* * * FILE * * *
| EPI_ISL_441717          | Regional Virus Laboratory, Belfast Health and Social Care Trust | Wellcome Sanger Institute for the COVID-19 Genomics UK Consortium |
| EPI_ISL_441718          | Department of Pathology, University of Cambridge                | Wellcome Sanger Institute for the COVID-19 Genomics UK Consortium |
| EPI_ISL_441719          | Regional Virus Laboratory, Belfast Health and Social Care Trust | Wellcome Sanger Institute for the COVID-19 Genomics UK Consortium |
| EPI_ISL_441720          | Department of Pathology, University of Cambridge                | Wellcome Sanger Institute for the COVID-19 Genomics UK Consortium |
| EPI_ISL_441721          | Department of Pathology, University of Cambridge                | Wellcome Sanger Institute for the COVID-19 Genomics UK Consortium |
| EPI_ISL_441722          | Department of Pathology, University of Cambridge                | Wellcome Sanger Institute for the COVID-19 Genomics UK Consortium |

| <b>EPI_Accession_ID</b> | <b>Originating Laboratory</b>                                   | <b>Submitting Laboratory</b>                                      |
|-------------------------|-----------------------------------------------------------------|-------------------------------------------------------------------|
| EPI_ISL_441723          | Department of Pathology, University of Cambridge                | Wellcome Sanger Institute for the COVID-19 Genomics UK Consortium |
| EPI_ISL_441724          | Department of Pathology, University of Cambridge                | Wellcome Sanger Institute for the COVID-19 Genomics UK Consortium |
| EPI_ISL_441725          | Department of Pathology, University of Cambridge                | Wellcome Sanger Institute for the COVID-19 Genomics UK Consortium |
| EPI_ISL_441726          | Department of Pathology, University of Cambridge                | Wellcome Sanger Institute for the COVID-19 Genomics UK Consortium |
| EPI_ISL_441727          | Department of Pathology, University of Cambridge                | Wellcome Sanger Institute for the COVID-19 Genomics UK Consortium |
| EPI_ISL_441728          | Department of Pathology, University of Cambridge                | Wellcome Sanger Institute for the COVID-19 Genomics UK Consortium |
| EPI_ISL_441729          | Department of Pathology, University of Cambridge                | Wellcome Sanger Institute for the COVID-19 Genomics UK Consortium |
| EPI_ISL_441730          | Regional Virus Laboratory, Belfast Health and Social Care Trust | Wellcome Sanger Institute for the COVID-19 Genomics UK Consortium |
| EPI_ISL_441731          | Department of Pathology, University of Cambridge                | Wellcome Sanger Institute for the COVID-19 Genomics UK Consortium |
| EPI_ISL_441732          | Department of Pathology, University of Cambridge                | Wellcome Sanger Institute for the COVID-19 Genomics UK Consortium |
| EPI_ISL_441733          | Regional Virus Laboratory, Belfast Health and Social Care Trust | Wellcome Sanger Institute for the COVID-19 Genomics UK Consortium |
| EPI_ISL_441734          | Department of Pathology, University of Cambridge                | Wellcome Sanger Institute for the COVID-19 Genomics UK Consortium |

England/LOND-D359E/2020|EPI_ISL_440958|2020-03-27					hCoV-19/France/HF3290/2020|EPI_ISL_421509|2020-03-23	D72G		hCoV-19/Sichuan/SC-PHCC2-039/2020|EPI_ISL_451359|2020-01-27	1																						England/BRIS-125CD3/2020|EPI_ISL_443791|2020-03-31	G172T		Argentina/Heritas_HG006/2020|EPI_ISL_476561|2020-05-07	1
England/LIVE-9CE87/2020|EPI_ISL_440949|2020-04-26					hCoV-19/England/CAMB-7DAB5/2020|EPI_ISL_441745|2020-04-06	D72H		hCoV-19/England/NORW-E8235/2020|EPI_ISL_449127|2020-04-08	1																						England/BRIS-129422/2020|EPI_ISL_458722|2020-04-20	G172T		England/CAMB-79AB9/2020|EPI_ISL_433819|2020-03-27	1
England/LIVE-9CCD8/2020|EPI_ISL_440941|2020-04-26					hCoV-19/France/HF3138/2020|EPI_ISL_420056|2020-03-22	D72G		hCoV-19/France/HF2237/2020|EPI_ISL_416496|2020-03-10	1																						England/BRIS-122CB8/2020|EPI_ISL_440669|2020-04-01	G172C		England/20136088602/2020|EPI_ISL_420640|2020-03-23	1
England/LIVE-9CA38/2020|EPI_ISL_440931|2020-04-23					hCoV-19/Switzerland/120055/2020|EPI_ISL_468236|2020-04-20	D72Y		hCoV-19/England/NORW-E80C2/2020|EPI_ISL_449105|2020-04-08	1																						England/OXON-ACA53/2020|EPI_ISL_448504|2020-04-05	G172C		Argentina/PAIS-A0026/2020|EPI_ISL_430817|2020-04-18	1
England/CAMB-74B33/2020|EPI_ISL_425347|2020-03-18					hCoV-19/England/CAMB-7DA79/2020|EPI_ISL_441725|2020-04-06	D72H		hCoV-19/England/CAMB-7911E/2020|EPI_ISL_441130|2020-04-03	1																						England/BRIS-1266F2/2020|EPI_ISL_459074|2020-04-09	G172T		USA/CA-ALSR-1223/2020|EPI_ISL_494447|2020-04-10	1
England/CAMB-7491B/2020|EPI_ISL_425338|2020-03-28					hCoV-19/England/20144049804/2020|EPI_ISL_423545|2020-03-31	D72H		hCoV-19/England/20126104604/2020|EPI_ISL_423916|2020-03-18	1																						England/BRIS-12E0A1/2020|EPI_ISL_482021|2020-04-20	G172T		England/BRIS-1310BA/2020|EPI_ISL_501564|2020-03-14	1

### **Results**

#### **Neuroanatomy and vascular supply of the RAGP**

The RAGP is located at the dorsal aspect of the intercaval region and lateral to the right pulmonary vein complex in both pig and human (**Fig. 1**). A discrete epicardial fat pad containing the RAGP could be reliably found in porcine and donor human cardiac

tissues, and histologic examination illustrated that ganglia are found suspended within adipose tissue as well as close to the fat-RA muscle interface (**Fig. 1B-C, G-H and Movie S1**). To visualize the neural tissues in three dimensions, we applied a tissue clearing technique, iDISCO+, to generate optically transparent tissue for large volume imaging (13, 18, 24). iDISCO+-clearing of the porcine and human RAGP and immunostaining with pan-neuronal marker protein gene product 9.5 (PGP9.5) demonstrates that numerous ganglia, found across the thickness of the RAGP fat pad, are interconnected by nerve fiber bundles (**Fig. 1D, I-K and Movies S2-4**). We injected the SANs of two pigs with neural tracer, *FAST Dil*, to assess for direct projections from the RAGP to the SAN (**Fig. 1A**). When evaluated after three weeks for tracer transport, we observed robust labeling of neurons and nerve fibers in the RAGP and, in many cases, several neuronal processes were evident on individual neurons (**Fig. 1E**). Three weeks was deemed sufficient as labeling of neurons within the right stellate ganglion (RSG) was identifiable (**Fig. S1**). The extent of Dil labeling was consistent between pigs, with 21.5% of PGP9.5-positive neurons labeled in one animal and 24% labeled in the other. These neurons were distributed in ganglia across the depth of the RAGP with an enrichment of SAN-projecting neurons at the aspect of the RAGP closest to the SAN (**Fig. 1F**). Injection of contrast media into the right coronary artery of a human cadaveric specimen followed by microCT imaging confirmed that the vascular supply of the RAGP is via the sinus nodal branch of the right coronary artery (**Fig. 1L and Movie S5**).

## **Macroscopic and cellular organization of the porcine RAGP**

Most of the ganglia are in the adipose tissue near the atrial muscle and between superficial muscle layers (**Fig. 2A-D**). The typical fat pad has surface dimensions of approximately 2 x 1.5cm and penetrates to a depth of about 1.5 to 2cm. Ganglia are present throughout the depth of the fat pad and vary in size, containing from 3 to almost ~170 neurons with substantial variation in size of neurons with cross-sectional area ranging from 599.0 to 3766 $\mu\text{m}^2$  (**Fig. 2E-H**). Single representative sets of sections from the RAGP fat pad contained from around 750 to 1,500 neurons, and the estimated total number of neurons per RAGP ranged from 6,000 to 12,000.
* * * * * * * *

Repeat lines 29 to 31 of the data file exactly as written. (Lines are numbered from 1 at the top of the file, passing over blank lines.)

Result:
The RAGP is located at the dorsal aspect of the intercaval region and lateral to the right pulmonary vein complex in both pig and human (**Fig. 1**). A discrete epicardial fat pad containing the RAGP could be reliably found in porcine and donor human cardiac

tissues, and histologic examination illustrated that ganglia are found suspended within adipose tissue as well as close to the fat-RA muscle interface (**Fig. 1B-C, G-H and Movie S1**). To visualize the neural tissues in three dimensions, we applied a tissue clearing technique, iDISCO+, to generate optically transparent tissue for large volume imaging (13, 18, 24). iDISCO+-clearing of the porcine and human RAGP and immunostaining with pan-neuronal marker protein gene product 9.5 (PGP9.5) demonstrates that numerous ganglia, found across the thickness of the RAGP fat pad, are interconnected by nerve fiber bundles (**Fig. 1D, I-K and Movies S2-4**). We injected the SANs of two pigs with neural tracer, *FAST Dil*, to assess for direct projections from the RAGP to the SAN (**Fig. 1A**). When evaluated after three weeks for tracer transport, we observed robust labeling of neurons and nerve fibers in the RAGP and, in many cases, several neuronal processes were evident on individual neurons (**Fig. 1E**). Three weeks was deemed sufficient as labeling of neurons within the right stellate ganglion (RSG) was identifiable (**Fig. S1**). The extent of Dil labeling was consistent between pigs, with 21.5% of PGP9.5-positive neurons labeled in one animal and 24% labeled in the other. These neurons were distributed in ganglia across the depth of the RAGP with an enrichment of SAN-projecting neurons at the aspect of the RAGP closest to the SAN (**Fig. 1F**). Injection of contrast media into the right coronary artery of a human cadaveric specimen followed by microCT imaging confirmed that the vascular supply of the RAGP is via the sinus nodal branch of the right coronary artery (**Fig. 1L and Movie S5**).

## **Macroscopic and cellular organization of the porcine RAGP**